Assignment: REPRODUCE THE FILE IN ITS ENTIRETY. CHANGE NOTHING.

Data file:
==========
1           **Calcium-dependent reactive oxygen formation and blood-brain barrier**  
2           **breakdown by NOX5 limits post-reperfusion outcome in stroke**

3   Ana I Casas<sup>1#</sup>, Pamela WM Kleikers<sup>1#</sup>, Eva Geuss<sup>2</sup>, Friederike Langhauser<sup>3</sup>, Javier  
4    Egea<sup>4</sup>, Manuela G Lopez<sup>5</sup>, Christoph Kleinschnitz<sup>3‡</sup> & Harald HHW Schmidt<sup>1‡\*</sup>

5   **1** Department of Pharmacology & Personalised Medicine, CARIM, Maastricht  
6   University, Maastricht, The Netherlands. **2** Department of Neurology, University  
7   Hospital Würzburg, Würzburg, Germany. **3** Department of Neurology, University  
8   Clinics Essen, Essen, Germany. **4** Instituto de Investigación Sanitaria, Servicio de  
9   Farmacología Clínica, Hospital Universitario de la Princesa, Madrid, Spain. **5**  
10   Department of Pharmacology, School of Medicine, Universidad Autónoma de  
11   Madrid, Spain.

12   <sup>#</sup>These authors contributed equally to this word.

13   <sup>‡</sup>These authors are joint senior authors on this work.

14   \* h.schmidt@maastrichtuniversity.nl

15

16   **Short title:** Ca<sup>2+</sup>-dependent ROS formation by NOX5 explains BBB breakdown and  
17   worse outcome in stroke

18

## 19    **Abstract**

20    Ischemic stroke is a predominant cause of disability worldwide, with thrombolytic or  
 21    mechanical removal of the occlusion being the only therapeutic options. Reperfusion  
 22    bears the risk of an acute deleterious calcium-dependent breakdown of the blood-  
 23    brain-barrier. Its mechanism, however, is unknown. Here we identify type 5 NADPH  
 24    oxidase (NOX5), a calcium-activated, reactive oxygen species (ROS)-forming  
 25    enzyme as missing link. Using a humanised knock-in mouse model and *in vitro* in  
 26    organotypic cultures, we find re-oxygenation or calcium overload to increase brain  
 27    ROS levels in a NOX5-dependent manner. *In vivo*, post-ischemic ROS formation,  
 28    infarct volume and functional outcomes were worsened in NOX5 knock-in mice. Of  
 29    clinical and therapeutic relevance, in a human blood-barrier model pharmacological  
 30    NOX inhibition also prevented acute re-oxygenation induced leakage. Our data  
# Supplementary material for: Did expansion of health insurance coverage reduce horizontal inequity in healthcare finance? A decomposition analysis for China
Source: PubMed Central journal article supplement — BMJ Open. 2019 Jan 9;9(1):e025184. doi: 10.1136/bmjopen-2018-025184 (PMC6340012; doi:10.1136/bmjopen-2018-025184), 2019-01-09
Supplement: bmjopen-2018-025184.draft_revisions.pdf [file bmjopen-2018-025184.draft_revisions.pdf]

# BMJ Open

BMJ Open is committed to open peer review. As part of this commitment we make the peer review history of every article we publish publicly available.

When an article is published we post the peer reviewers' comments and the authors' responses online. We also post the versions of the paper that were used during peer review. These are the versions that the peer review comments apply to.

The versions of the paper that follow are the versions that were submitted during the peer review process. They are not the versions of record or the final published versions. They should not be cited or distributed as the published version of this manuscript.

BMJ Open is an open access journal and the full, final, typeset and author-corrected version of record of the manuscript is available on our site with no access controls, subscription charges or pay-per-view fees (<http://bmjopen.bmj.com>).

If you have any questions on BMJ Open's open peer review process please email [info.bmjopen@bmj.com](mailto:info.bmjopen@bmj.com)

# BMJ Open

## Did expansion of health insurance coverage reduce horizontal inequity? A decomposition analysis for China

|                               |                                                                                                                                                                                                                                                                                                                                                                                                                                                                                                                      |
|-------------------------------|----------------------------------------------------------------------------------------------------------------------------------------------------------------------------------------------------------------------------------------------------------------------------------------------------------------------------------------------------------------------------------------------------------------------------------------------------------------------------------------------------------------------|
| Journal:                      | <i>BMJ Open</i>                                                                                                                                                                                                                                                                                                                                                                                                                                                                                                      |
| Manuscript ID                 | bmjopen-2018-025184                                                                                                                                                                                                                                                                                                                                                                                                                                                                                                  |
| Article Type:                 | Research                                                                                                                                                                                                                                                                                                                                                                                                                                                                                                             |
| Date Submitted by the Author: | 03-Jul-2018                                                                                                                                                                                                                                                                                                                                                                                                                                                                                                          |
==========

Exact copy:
1           **Calcium-dependent reactive oxygen formation and blood-brain barrier**  
2           **breakdown by NOX5 limits post-reperfusion outcome in stroke**

3   Ana I Casas<sup>1#</sup>, Pamela WM Kleikers<sup>1#</sup>, Eva Geuss<sup>2</sup>, Friederike Langhauser<sup>3</sup>, Javier  
4    Egea<sup>4</sup>, Manuela G Lopez<sup>5</sup>, Christoph Kleinschnitz<sup>3‡</sup> & Harald HHW Schmidt<sup>1‡\*</sup>

5   **1** Department of Pharmacology & Personalised Medicine, CARIM, Maastricht  
6   University, Maastricht, The Netherlands. **2** Department of Neurology, University  
7   Hospital Würzburg, Würzburg, Germany. **3** Department of Neurology, University  
8   Clinics Essen, Essen, Germany. **4** Instituto de Investigación Sanitaria, Servicio de  
9   Farmacología Clínica, Hospital Universitario de la Princesa, Madrid, Spain. **5**  
10   Department of Pharmacology, School of Medicine, Universidad Autónoma de  
11   Madrid, Spain.

12   <sup>#</sup>These authors contributed equally to this word.

13   <sup>‡</sup>These authors are joint senior authors on this work.

14   \* h.schmidt@maastrichtuniversity.nl

15

16   **Short title:** Ca<sup>2+</sup>-dependent ROS formation by NOX5 explains BBB breakdown and  
17   worse outcome in stroke

18

## 19    **Abstract**

20    Ischemic stroke is a predominant cause of disability worldwide, with thrombolytic or  
 21    mechanical removal of the occlusion being the only therapeutic options. Reperfusion  
 22    bears the risk of an acute deleterious calcium-dependent breakdown of the blood-  
 23    brain-barrier. Its mechanism, however, is unknown. Here we identify type 5 NADPH  
 24    oxidase (NOX5), a calcium-activated, reactive oxygen species (ROS)-forming  
 25    enzyme as missing link. Using a humanised knock-in mouse model and *in vitro* in  
 26    organotypic cultures, we find re-oxygenation or calcium overload to increase brain  
 27    ROS levels in a NOX5-dependent manner. *In vivo*, post-ischemic ROS formation,  
 28    infarct volume and functional outcomes were worsened in NOX5 knock-in mice. Of  
 29    clinical and therapeutic relevance, in a human blood-barrier model pharmacological  
 30    NOX inhibition also prevented acute re-oxygenation induced leakage. Our data  
# Supplementary material for: Did expansion of health insurance coverage reduce horizontal inequity in healthcare finance? A decomposition analysis for China
Source: PubMed Central journal article supplement — BMJ Open. 2019 Jan 9;9(1):e025184. doi: 10.1136/bmjopen-2018-025184 (PMC6340012; doi:10.1136/bmjopen-2018-025184), 2019-01-09
Supplement: bmjopen-2018-025184.draft_revisions.pdf [file bmjopen-2018-025184.draft_revisions.pdf]

# BMJ Open

BMJ Open is committed to open peer review. As part of this commitment we make the peer review history of every article we publish publicly available.

When an article is published we post the peer reviewers' comments and the authors' responses online. We also post the versions of the paper that were used during peer review. These are the versions that the peer review comments apply to.

The versions of the paper that follow are the versions that were submitted during the peer review process. They are not the versions of record or the final published versions. They should not be cited or distributed as the published version of this manuscript.

BMJ Open is an open access journal and the full, final, typeset and author-corrected version of record of the manuscript is available on our site with no access controls, subscription charges or pay-per-view fees (<http://bmjopen.bmj.com>).

If you have any questions on BMJ Open's open peer review process please email [info.bmjopen@bmj.com](mailto:info.bmjopen@bmj.com)

# BMJ Open

## Did expansion of health insurance coverage reduce horizontal inequity? A decomposition analysis for China

|                               |                                                                                                                                                                                                                                                                                                                                                                                                                                                                                                                      |
|-------------------------------|----------------------------------------------------------------------------------------------------------------------------------------------------------------------------------------------------------------------------------------------------------------------------------------------------------------------------------------------------------------------------------------------------------------------------------------------------------------------------------------------------------------------|
| Journal:                      | <i>BMJ Open</i>                                                                                                                                                                                                                                                                                                                                                                                                                                                                                                      |
| Manuscript ID                 | bmjopen-2018-025184                                                                                                                                                                                                                                                                                                                                                                                                                                                                                                  |
| Article Type:                 | Research                                                                                                                                                                                                                                                                                                                                                                                                                                                                                                             |
| Date Submitted by the Author: | 03-Jul-2018                                                                                                                                                                                                                                                                                                                                                                                                                                                                                                          |